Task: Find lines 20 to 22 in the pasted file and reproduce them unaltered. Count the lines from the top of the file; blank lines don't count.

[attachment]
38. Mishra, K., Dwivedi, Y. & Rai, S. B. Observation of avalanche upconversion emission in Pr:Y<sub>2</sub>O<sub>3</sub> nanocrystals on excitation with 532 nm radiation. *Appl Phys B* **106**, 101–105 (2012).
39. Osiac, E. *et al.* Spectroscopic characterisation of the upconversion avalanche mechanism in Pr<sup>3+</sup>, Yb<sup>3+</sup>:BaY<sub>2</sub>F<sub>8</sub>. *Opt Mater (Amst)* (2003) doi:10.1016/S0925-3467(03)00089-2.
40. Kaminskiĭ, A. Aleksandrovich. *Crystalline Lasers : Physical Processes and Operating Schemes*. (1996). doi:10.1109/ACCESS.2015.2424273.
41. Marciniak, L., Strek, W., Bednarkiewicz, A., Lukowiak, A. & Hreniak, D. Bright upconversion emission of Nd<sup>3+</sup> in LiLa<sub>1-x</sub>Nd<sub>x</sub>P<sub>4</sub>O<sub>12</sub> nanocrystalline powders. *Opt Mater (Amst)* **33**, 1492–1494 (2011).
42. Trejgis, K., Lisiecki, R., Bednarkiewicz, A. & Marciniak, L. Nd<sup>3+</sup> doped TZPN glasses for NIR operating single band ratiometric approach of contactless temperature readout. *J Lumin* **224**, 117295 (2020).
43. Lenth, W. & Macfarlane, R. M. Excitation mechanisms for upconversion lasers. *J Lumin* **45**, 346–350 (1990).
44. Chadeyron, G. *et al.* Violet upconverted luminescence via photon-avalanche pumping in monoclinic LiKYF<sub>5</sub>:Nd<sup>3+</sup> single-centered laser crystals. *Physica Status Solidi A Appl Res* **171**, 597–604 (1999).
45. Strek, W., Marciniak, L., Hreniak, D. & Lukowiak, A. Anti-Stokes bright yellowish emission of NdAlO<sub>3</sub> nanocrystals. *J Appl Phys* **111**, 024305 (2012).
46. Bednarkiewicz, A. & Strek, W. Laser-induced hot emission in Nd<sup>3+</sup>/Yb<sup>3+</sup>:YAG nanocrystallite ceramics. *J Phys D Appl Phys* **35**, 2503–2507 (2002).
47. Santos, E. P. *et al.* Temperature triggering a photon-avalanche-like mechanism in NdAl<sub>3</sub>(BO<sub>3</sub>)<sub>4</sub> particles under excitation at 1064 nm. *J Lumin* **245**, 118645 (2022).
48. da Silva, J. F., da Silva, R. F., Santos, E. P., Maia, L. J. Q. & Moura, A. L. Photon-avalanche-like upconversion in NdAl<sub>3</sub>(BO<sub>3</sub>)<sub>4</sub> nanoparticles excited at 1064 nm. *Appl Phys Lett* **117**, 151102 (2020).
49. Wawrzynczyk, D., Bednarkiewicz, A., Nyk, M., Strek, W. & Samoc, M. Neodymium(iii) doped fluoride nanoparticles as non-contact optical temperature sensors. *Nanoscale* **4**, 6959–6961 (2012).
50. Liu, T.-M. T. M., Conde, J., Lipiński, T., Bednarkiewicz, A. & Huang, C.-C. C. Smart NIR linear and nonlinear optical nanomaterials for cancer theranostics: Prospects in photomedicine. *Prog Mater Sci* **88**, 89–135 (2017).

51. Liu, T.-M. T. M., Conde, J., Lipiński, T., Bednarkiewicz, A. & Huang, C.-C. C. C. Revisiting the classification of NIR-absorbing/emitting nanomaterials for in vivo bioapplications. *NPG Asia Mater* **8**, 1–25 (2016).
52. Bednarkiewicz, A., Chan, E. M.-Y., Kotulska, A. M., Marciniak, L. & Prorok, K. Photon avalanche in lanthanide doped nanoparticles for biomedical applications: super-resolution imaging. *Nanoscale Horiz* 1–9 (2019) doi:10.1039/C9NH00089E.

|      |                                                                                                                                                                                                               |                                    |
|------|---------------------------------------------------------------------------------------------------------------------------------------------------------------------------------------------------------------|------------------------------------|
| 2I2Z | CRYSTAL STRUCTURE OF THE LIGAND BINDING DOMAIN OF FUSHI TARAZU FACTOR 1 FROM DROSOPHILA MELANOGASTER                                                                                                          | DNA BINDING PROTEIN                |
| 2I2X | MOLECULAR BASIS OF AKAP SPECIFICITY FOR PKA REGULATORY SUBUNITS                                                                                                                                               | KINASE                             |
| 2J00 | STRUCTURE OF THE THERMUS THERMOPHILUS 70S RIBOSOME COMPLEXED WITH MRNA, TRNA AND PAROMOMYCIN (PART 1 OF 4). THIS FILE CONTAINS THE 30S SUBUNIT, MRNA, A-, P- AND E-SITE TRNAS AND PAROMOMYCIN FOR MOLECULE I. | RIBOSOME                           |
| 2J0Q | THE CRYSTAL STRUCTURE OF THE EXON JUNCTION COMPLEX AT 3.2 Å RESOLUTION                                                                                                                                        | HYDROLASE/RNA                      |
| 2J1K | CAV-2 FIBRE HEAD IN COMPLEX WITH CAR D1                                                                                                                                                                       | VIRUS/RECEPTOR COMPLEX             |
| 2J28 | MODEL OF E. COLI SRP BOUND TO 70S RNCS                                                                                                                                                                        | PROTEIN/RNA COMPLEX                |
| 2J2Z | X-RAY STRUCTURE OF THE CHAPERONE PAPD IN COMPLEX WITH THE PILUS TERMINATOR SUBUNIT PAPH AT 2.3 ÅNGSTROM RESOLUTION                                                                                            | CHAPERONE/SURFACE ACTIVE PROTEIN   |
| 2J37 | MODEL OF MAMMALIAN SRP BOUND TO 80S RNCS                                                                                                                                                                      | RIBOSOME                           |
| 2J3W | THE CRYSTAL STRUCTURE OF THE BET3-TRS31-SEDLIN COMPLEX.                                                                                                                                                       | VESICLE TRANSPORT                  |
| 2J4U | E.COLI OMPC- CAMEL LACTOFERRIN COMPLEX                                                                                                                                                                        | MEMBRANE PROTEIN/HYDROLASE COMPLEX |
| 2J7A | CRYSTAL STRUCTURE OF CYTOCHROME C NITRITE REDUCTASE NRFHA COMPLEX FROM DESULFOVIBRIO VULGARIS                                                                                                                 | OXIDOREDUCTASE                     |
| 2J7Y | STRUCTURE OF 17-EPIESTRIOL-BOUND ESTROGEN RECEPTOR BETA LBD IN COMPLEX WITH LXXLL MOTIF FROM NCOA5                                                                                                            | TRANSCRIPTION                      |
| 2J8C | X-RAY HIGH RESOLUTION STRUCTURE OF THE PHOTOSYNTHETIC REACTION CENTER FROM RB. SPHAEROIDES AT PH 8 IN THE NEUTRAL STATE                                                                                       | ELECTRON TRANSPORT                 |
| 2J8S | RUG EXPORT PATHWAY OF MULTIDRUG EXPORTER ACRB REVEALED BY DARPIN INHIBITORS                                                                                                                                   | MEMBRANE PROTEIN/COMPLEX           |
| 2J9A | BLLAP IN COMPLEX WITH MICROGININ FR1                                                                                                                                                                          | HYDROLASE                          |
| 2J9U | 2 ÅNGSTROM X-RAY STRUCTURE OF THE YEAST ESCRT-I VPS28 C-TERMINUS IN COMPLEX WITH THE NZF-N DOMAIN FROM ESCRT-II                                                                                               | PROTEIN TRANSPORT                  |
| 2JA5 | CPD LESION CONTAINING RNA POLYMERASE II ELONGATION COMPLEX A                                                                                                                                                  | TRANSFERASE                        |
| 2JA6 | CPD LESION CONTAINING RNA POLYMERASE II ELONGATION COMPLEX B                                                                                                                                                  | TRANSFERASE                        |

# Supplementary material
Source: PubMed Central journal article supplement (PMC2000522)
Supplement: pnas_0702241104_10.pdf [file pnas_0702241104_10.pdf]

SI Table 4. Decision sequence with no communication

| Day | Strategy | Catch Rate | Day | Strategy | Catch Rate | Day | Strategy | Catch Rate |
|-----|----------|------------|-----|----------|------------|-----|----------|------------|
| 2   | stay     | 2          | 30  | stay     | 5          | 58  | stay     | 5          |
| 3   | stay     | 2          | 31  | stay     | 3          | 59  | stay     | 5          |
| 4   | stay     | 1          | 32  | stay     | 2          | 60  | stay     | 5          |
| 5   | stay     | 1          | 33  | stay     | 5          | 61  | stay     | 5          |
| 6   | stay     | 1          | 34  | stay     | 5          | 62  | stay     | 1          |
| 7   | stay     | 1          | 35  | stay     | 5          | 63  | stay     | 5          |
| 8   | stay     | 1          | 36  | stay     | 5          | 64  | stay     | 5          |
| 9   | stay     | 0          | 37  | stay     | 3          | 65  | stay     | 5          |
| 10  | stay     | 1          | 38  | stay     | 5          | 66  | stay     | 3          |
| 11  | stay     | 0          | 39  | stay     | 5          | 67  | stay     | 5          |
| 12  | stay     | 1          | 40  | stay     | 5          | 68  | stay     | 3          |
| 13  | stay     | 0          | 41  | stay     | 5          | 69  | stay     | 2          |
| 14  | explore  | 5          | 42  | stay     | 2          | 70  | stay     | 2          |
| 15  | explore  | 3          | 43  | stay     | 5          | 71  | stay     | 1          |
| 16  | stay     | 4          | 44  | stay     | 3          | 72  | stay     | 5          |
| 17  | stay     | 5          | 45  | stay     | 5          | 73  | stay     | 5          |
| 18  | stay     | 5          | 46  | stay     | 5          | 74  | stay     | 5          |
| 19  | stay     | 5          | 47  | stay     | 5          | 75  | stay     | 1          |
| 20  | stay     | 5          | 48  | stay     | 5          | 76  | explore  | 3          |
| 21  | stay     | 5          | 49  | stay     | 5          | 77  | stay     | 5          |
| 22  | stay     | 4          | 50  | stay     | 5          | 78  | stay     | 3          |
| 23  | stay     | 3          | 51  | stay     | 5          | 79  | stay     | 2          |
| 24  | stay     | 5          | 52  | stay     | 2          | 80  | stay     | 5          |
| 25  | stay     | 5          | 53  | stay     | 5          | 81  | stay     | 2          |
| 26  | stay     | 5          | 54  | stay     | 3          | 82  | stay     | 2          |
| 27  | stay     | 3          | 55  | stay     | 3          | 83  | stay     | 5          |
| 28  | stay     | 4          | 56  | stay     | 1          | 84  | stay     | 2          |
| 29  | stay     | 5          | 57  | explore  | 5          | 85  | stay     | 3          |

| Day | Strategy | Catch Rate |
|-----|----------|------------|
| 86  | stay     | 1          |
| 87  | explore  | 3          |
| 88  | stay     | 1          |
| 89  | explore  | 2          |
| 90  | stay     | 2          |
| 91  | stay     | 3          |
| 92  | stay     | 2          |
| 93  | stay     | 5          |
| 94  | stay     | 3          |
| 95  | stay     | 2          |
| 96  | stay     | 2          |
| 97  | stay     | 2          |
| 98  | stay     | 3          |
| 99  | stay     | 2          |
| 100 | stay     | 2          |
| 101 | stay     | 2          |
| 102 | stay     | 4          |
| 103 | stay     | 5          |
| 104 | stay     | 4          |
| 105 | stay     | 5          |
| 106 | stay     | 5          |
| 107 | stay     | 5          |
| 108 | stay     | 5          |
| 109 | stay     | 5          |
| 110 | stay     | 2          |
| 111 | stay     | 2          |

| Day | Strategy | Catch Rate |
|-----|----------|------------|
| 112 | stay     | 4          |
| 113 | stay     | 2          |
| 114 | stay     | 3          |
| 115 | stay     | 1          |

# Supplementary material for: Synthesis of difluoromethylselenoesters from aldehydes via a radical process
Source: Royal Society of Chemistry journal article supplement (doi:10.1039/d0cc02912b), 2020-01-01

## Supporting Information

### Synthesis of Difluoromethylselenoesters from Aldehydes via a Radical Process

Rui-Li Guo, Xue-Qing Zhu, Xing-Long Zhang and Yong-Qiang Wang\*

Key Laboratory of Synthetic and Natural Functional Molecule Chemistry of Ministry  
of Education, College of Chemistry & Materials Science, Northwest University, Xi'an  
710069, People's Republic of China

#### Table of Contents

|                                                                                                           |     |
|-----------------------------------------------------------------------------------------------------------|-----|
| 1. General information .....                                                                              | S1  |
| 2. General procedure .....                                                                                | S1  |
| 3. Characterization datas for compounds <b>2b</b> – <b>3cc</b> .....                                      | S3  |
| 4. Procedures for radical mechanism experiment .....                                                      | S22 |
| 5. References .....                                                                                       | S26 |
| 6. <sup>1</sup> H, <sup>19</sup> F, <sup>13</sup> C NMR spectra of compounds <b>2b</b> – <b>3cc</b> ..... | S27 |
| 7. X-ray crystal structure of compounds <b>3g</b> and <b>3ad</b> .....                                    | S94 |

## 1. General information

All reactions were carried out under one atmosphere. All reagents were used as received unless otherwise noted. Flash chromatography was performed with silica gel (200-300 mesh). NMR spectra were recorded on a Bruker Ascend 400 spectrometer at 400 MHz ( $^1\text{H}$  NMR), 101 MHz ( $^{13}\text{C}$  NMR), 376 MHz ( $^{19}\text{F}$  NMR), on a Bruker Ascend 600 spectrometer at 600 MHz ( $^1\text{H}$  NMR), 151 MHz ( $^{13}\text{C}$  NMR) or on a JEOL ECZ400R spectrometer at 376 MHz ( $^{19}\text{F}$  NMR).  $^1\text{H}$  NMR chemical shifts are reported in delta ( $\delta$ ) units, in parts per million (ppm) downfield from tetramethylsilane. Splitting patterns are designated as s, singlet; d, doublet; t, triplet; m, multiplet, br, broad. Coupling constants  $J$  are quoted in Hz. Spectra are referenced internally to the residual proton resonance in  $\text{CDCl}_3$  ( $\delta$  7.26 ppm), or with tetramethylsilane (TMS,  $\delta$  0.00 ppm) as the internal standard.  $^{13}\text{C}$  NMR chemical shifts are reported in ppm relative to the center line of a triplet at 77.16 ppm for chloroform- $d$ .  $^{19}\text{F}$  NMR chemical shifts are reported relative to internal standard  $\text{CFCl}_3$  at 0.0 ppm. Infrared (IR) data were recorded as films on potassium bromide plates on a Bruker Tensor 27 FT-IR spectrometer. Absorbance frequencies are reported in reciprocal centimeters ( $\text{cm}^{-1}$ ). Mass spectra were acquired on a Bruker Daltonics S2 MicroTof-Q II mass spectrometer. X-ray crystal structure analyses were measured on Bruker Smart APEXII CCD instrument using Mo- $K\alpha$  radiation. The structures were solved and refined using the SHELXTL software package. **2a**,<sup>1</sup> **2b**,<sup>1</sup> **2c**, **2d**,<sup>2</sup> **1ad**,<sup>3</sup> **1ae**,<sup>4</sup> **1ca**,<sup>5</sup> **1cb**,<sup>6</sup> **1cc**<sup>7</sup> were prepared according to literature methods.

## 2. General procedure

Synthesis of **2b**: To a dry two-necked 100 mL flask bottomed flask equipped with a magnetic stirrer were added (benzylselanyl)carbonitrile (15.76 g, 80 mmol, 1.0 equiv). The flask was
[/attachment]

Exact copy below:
| 2J00 | STRUCTURE OF THE THERMUS THERMOPHILUS 70S RIBOSOME COMPLEXED WITH MRNA, TRNA AND PAROMOMYCIN (PART 1 OF 4). THIS FILE CONTAINS THE 30S SUBUNIT, MRNA, A-, P- AND E-SITE TRNAS AND PAROMOMYCIN FOR MOLECULE I. | RIBOSOME                           |
| 2J0Q | THE CRYSTAL STRUCTURE OF THE EXON JUNCTION COMPLEX AT 3.2 Å RESOLUTION                                                                                                                                        | HYDROLASE/RNA                      |
| 2J1K | CAV-2 FIBRE HEAD IN COMPLEX WITH CAR D1                                                                                                                                                                       | VIRUS/RECEPTOR COMPLEX             |